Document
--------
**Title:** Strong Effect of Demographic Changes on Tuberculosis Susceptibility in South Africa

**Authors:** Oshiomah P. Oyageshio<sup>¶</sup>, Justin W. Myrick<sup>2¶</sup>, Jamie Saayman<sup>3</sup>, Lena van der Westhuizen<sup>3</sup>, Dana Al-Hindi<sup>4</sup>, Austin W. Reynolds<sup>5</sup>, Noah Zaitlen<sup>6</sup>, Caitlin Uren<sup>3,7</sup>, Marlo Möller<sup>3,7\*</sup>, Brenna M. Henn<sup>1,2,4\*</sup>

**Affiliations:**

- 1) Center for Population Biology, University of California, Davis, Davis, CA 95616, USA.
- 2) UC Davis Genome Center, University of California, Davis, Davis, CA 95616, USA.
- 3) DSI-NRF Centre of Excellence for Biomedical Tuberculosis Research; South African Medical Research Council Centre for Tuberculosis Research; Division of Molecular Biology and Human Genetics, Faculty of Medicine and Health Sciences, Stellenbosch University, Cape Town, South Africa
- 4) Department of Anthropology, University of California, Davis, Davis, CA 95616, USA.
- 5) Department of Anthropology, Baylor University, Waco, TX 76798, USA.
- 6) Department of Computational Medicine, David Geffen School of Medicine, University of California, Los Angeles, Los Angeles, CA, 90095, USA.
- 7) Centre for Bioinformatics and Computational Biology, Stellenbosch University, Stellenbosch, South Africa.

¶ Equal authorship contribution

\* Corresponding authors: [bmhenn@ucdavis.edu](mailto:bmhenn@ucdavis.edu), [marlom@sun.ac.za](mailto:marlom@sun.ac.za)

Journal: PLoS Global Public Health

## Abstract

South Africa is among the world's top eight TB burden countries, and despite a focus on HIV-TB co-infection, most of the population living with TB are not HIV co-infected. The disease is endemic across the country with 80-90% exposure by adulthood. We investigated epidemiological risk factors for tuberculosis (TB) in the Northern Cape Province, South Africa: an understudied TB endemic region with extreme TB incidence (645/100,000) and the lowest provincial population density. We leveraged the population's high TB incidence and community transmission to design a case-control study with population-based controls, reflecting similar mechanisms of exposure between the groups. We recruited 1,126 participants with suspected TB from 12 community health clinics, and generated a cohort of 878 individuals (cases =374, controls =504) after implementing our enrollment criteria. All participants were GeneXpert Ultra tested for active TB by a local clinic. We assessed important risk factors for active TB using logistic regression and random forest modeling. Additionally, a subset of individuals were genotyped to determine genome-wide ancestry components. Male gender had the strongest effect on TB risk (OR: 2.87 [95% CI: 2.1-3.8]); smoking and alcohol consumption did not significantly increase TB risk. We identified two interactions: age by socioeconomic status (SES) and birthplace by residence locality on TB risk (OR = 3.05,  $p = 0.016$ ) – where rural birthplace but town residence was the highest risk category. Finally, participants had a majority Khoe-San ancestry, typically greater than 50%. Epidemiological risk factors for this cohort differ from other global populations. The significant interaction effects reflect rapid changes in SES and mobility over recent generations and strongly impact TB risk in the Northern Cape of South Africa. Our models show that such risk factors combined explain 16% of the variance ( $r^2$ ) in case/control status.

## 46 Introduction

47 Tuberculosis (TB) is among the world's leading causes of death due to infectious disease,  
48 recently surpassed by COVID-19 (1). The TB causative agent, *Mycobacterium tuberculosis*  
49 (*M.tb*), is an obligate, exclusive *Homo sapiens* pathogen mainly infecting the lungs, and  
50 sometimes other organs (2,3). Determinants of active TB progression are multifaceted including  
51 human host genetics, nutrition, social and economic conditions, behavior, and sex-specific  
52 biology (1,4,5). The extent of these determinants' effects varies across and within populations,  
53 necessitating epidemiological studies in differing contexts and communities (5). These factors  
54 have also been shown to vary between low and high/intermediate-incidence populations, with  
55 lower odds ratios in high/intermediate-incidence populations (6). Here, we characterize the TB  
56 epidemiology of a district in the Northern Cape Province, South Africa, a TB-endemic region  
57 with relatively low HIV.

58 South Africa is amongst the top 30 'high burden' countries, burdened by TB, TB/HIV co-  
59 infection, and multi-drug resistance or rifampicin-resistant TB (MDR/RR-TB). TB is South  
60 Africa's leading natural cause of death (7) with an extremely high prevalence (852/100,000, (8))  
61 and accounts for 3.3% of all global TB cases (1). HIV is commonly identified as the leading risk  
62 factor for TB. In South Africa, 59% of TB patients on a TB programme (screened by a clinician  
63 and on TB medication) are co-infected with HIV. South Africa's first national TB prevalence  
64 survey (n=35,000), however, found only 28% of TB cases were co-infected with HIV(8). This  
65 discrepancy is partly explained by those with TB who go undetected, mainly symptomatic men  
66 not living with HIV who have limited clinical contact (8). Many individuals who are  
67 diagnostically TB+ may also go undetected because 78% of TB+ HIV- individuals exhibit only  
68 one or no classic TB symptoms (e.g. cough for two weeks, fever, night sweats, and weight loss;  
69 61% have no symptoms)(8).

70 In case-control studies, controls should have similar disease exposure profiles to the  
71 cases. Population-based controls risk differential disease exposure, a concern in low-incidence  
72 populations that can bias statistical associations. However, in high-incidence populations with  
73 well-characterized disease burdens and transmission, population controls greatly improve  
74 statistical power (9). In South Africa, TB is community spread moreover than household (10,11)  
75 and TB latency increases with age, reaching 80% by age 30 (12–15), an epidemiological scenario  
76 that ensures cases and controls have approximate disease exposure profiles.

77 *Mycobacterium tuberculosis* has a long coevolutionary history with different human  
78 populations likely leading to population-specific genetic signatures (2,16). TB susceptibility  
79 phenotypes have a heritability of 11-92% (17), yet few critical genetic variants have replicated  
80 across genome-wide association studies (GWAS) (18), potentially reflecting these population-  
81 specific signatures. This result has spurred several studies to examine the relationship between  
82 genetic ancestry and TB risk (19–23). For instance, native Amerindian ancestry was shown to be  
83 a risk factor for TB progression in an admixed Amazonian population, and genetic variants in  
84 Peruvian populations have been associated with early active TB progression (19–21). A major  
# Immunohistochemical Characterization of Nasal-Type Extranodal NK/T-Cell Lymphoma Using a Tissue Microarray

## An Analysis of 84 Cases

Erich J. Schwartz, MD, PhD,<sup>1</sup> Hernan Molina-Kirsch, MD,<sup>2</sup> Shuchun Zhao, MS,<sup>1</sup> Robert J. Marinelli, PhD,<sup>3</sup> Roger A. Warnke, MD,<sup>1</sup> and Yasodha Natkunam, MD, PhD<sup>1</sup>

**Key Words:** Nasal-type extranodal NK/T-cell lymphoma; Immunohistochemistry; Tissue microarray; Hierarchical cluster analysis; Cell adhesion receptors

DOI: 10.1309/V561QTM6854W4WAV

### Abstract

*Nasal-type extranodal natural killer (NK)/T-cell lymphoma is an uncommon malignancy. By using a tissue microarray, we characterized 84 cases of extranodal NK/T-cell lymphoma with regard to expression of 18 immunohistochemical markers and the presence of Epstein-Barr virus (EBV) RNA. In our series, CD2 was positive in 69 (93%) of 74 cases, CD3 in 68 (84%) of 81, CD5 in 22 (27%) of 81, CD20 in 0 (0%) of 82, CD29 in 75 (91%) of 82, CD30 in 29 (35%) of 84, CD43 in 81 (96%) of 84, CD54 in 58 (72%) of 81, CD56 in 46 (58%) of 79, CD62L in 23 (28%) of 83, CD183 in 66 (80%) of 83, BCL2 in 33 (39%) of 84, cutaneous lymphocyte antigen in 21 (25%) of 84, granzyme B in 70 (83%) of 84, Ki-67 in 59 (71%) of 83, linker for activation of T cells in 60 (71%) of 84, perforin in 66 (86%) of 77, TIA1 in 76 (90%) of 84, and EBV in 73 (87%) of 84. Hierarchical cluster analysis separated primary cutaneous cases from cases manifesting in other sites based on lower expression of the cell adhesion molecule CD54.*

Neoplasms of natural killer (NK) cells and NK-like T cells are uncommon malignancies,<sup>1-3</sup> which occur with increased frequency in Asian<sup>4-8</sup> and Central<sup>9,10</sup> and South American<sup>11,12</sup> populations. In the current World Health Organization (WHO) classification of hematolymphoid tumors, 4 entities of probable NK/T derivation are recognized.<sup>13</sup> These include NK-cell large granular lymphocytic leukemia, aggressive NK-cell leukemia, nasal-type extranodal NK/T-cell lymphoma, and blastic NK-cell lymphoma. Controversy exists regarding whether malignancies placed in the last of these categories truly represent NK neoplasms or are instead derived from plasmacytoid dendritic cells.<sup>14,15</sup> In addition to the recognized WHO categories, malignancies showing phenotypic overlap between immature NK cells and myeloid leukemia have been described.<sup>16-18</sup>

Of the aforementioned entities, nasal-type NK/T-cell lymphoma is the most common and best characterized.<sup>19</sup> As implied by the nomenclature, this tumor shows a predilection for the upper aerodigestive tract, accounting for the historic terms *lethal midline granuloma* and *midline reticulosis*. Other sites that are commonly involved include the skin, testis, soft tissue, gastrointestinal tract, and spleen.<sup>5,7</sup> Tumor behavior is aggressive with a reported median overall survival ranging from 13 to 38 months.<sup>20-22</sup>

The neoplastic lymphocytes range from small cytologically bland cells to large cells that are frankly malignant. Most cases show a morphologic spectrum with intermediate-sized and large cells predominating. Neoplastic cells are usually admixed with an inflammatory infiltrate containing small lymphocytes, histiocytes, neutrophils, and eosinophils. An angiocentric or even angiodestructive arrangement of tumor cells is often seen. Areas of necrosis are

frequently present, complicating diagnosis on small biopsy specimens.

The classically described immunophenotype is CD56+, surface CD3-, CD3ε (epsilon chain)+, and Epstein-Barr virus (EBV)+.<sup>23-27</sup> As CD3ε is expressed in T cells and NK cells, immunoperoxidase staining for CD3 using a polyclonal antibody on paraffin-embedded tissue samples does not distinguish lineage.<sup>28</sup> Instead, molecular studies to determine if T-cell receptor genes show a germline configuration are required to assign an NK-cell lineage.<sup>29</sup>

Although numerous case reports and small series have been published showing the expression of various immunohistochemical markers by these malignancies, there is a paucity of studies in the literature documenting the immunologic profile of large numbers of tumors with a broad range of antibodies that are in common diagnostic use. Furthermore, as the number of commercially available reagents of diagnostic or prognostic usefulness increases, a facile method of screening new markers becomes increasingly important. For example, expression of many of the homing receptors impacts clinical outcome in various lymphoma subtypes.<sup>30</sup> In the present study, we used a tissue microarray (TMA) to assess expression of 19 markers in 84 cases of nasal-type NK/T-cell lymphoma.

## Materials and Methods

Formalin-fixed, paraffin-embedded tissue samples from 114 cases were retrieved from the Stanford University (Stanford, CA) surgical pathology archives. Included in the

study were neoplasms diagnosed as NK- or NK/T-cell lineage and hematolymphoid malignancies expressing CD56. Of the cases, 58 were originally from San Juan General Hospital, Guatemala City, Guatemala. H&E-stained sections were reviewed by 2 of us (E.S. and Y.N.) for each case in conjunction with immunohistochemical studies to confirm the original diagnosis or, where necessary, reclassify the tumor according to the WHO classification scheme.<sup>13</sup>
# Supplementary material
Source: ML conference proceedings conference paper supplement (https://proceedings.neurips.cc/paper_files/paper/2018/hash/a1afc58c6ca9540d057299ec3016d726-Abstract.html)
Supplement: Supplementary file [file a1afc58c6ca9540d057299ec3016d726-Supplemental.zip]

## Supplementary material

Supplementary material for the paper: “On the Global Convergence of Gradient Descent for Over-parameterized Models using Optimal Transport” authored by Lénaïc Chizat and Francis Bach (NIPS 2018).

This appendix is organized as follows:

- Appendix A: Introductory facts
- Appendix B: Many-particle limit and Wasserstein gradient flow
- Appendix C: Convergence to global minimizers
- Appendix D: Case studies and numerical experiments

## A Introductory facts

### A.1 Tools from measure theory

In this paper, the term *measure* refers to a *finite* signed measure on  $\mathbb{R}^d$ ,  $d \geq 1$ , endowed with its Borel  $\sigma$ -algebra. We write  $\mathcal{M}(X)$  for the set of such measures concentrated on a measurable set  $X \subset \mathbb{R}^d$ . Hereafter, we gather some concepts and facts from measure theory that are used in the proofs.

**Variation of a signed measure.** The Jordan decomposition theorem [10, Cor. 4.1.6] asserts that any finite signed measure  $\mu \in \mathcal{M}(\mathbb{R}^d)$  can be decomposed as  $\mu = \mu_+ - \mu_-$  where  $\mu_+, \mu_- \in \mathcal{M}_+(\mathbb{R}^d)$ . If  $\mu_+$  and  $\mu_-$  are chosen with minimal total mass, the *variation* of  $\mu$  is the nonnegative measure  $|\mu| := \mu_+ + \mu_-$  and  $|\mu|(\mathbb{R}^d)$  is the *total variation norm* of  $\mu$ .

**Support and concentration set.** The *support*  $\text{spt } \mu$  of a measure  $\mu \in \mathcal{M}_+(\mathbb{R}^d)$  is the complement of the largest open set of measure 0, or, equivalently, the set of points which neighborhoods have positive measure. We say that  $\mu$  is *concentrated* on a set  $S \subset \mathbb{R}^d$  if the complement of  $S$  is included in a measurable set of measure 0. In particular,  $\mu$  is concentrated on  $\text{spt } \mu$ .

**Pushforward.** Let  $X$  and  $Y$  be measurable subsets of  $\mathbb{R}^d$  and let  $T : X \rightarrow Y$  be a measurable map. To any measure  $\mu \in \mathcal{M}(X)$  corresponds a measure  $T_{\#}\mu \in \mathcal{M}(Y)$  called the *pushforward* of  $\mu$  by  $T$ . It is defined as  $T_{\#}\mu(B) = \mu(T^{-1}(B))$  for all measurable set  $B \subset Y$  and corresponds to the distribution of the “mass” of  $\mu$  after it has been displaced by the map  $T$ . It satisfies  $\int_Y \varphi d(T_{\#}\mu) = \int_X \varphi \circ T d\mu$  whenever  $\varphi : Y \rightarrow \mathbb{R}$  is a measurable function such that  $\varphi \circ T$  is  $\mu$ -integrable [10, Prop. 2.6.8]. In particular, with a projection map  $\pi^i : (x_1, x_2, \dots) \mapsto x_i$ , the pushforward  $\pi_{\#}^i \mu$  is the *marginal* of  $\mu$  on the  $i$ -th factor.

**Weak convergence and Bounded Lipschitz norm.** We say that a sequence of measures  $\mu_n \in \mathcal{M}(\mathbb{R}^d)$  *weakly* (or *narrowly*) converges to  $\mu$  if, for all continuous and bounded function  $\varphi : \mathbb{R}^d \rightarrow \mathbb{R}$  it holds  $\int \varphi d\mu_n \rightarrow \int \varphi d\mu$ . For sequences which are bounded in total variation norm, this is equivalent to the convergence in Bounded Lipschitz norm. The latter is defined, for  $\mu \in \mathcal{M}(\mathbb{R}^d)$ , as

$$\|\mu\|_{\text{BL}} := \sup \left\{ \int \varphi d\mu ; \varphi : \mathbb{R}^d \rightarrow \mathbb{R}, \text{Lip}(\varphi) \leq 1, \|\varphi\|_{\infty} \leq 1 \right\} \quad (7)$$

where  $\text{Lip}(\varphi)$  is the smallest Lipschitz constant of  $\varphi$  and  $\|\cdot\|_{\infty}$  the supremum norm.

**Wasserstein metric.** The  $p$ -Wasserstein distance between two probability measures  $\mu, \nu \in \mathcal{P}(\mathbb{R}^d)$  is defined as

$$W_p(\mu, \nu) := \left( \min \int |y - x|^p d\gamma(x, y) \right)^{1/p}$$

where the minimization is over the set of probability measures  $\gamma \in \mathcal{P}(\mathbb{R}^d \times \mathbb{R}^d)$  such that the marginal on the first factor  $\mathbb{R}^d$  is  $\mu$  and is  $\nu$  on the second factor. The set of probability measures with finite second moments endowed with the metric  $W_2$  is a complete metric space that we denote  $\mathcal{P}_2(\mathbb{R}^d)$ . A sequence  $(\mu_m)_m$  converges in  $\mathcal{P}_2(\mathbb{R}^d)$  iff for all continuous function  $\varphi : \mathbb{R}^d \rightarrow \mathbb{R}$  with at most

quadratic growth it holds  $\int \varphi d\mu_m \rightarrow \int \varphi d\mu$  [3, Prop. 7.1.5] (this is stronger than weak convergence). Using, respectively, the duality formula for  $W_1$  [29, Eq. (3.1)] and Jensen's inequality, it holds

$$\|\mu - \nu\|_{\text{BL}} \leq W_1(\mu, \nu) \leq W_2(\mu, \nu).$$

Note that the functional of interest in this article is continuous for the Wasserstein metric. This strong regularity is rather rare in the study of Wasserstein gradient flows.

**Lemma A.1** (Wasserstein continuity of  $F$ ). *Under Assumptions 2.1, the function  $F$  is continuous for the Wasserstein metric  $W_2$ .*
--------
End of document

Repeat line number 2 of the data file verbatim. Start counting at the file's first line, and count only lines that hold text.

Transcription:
**Authors:** Oshiomah P. Oyageshio<sup>¶</sup>, Justin W. Myrick<sup>2¶</sup>, Jamie Saayman<sup>3</sup>, Lena van der Westhuizen<sup>3</sup>, Dana Al-Hindi<sup>4</sup>, Austin W. Reynolds<sup>5</sup>, Noah Zaitlen<sup>6</sup>, Caitlin Uren<sup>3,7</sup>, Marlo Möller<sup>3,7\*</sup>, Brenna M. Henn<sup>1,2,4\*</sup>